The current health education law is not beneficial to Florida’s adolescent population. Florida state current sex education curriculum is an abstinence-based teaching. It has been proven this type of teaching is not successful; based on a 2013 study, over 30 percent of high school students are currently being sexually active, the study compared that percentage to the nation’s total of 34 percent. It is evident that the implemented sexual education school policies have a negative impact on youths throughout the state. In 2013, Florida had the fourth highest rate of syphilis among young people age 15-19.8 (Youths, 2016). As of 2015, the people affected most by this form of teaching are youths 20 years and younger; these teens come from low-socioeconomic backgrounds. Non-Hispanic White women have the highest rate of 37 percent compared to the United States 39 percent; African American trail behind 31 percent compared to the United States 22 percent, American Indian/Alaskan Native 0, Asian or Pacific Islander 1 percent vs. United States 2 percent, and Hispanics 30 percent vs. United States average of 35 percent. There is an obvious trend that needs to be addressed. These policies are in a serious need of revision and change is extremely essential for the future of our youths. Poor health outcomes among African Americans and Hispanics living in Florida are undeniably high. As of 2014, sixty-seven percent of new HIV/AIDS cases were reported by African American and Hispanic women ages 13-24.
The need for Repeal.
Years of research and scientific studies have confirmed that comprehensive sexual education trunps abstinence-only curriculum. The proof is in the numbers. 12.6% of Florida high schoolers have reported having unprotected sex, although it is under the national percentage which 13.7 percent; which is a cause for concern. HIV rates among this population is over 1.5 percent nationwide according to the 2013 Florida Youth Risk Behavior Study. Congress need to re-evaluate their findings and implement comprehensive sex education. Parent’s will can still have the option to exclude their child if they choose too, however, it should be mandatory for all school districts to include it as part of the health education curriculum. Abstinence-only education does not provide adequate detailed sexual health information.
Disadvantages of Abstinence-Only Curriculum
There are a number of reasons why abstinence only curriculum studies do not work. First, it is not realistic. Second, the United States of America has the highest rates of teenage pregnancies as well as sexually transmitted diseases among other industrialized nations, see figure 2 below. Lastly, emphasizing of self-discipline as part of healthy sexual behaviors is not enough, it is a disservice to the youth especially for those from underprivileged environments.
U.S. teenage pregnancy and birth rates are high compared to other developed countries.
Pregnancy rate (2002–5)72.225.718.811.829.241.3€§
Birth rate (2006)41.97.810.13.813.326.7
Rates are listed as numbers per 1000 girls 15–19 years old,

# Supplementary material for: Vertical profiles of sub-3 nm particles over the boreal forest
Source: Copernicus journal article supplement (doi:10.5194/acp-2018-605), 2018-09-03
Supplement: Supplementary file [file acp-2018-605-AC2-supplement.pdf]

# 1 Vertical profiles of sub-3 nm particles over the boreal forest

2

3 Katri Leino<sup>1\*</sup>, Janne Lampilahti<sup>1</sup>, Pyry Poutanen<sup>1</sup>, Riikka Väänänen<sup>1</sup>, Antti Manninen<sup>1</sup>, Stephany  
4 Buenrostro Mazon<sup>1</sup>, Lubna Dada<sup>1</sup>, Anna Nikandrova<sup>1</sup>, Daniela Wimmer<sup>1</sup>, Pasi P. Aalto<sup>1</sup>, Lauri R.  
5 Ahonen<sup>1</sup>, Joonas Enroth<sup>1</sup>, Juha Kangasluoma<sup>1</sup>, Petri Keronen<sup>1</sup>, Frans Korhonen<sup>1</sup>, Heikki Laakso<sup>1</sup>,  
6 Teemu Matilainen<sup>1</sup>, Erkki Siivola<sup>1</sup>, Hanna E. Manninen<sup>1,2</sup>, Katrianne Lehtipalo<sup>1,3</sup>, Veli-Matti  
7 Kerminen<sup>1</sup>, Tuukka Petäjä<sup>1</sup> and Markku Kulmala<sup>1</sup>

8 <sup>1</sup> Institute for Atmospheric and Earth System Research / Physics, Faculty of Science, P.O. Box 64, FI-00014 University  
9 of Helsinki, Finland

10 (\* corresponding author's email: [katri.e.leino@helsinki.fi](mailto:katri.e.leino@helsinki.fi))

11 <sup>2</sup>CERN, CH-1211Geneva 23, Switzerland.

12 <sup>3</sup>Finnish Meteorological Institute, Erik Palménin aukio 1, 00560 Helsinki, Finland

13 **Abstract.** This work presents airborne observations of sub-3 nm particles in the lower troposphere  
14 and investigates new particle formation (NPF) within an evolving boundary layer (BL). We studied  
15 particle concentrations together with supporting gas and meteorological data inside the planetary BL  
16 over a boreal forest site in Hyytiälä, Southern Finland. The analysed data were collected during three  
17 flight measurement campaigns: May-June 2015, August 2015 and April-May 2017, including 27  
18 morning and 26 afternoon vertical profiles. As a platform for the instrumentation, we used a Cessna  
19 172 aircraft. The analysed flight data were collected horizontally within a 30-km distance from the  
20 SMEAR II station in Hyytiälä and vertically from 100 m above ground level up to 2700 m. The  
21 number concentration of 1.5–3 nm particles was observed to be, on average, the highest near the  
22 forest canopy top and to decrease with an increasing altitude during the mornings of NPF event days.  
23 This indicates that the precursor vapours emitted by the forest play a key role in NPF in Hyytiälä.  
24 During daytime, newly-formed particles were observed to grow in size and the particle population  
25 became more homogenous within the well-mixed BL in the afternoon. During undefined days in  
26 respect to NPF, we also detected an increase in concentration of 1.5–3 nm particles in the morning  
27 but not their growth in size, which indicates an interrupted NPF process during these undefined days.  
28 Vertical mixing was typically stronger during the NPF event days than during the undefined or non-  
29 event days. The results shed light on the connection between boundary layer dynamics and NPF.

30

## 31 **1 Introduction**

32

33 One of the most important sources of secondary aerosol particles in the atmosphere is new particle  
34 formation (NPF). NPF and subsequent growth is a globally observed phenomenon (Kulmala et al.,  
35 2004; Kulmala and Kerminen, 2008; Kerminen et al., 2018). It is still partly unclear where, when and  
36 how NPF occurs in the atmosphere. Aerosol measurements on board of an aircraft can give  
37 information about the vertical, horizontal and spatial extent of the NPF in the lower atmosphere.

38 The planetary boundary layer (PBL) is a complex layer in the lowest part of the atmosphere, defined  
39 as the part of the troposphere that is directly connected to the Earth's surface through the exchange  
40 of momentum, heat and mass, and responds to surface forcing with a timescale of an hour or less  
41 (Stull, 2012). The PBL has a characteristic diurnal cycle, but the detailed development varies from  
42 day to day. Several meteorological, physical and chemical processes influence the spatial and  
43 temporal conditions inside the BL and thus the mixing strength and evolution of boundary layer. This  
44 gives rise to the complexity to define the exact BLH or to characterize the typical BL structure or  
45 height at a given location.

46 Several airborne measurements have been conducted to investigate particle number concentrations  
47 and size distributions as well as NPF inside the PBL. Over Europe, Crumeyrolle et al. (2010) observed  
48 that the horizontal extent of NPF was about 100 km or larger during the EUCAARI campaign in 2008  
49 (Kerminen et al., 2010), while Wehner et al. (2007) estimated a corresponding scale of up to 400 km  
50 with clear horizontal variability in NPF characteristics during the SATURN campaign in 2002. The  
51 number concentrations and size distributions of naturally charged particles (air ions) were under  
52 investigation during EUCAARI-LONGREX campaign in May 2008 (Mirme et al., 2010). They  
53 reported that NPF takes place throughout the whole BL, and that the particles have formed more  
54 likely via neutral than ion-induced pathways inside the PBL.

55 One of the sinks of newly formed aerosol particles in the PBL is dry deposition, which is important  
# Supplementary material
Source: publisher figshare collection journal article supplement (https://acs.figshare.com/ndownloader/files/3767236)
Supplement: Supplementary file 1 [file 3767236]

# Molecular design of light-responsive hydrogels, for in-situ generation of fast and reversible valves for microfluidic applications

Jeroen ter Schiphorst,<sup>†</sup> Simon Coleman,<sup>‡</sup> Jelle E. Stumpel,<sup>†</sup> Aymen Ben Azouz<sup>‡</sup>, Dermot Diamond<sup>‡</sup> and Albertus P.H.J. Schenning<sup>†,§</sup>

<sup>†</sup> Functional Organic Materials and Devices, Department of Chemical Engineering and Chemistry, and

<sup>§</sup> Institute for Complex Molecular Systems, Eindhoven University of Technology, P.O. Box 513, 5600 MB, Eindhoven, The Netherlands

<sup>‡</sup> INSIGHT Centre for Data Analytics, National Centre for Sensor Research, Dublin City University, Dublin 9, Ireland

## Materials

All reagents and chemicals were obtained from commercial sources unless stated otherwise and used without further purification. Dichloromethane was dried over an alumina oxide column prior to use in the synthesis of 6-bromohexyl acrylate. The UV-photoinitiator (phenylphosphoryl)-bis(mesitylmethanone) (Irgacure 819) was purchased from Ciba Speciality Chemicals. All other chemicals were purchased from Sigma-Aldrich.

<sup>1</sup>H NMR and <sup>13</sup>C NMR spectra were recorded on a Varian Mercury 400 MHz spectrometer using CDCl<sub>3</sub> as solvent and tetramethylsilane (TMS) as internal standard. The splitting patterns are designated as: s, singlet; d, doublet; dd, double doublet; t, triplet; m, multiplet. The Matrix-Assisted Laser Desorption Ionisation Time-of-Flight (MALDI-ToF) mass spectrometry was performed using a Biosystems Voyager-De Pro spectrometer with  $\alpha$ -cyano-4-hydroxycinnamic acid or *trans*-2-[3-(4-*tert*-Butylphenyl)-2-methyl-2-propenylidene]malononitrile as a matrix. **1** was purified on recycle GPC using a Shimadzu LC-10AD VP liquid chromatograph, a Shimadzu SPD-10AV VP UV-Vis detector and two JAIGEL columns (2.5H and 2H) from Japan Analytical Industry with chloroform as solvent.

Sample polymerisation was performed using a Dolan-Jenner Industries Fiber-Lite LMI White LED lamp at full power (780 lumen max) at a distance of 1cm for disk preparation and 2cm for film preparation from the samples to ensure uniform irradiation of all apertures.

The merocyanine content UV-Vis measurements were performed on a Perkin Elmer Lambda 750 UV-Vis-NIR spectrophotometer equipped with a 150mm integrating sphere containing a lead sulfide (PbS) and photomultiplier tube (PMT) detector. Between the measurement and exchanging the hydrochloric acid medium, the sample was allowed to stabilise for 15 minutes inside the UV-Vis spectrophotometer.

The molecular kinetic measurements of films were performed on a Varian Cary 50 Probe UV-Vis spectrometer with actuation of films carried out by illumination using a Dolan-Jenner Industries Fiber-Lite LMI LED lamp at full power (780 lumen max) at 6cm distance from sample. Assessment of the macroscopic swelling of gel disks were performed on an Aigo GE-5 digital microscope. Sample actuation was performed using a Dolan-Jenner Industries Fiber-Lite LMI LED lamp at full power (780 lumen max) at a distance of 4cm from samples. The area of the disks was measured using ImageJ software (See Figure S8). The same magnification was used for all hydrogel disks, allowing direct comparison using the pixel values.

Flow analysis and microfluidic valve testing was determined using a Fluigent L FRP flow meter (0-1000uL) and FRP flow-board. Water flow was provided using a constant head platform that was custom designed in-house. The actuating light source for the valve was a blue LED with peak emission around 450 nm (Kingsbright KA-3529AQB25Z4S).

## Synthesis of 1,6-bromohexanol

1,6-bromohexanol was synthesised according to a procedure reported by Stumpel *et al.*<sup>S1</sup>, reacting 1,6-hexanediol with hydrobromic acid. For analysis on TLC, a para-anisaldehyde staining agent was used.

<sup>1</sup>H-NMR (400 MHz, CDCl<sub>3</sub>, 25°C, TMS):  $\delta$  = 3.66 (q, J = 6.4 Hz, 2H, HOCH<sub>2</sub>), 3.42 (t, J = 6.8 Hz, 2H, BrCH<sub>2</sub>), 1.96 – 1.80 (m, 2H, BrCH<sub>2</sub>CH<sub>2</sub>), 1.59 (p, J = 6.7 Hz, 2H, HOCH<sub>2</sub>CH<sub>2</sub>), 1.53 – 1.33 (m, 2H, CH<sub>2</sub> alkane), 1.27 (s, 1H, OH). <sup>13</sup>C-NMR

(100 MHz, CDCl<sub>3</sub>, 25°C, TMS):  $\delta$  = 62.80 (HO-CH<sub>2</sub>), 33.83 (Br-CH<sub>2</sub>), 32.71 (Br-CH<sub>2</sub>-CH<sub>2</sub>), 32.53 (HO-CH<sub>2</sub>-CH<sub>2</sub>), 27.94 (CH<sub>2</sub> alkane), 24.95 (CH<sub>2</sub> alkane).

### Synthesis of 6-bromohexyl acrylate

€§15–18 years old –. (Hall, 2011)
Advantages of Comprehensive Sexual Health Curriculum
Comprehensive sex education studies discuss the importance of abstinence before marriage along with in depth medically approve information about sexually transmitted infection and disease to age appropriate public-school kids. A recent examination of the National Survey of Family Growth to determine the impact of sexuality education on sexual risk-taking for young people ages 15-19, revealed that teens who received comprehensive sexuality education were 50% less likely to report a pregnancy than those who received abstinence-only education. (Hadd-Wissler, 2013) Comprehensive sex education along with parental support can and has reduced sexually transmitted disease and pregnancy rates in states that have implemented in their school district. It is imperative that the current sex education policies in the state of Florida be revised to protect the health care of our adolescents.
I was unaware of sexual health policies in the United States. As a Florida resident with two children one in public high school and the other in public middle school system, I find the rates of sexually active youths that are oblivious to the danger of partaking in unprotected sex. The extremely high rates of HIV/AIDS diagnosis are a cause for concern. I learned that conservatives in congress play a big role as to why comprehensive sex education is not law. Personally, it saddens me that the health of our youth is deteriorating right in front of our eyes and unless our voices are heard they will continue to slip through the cracks because national leaders refuse to see the issue and theorize the issue as “”lack of moral restraint””.
Firmin, V. J. (2014). A History of Sex Education in the United States Since 1900. Washington D.C: Huber.
Hadd-Wissler, V. (2013). Why Support Comprehensive Sexuality Education? Planned Parenthood of Arizona.
Hall, K. F.-H. (2011). Abstinence-Only Education and Teen Pregnancy Rates: Why We Need Comprehensive Sex Education in the U.S. US National Library of Medicine National Institute of Health, 6-10.
Youths, A. f. (2016). Young People in Florida Focus on Sexual and Reproductive health. Washington D.C.: Advocates for Youths.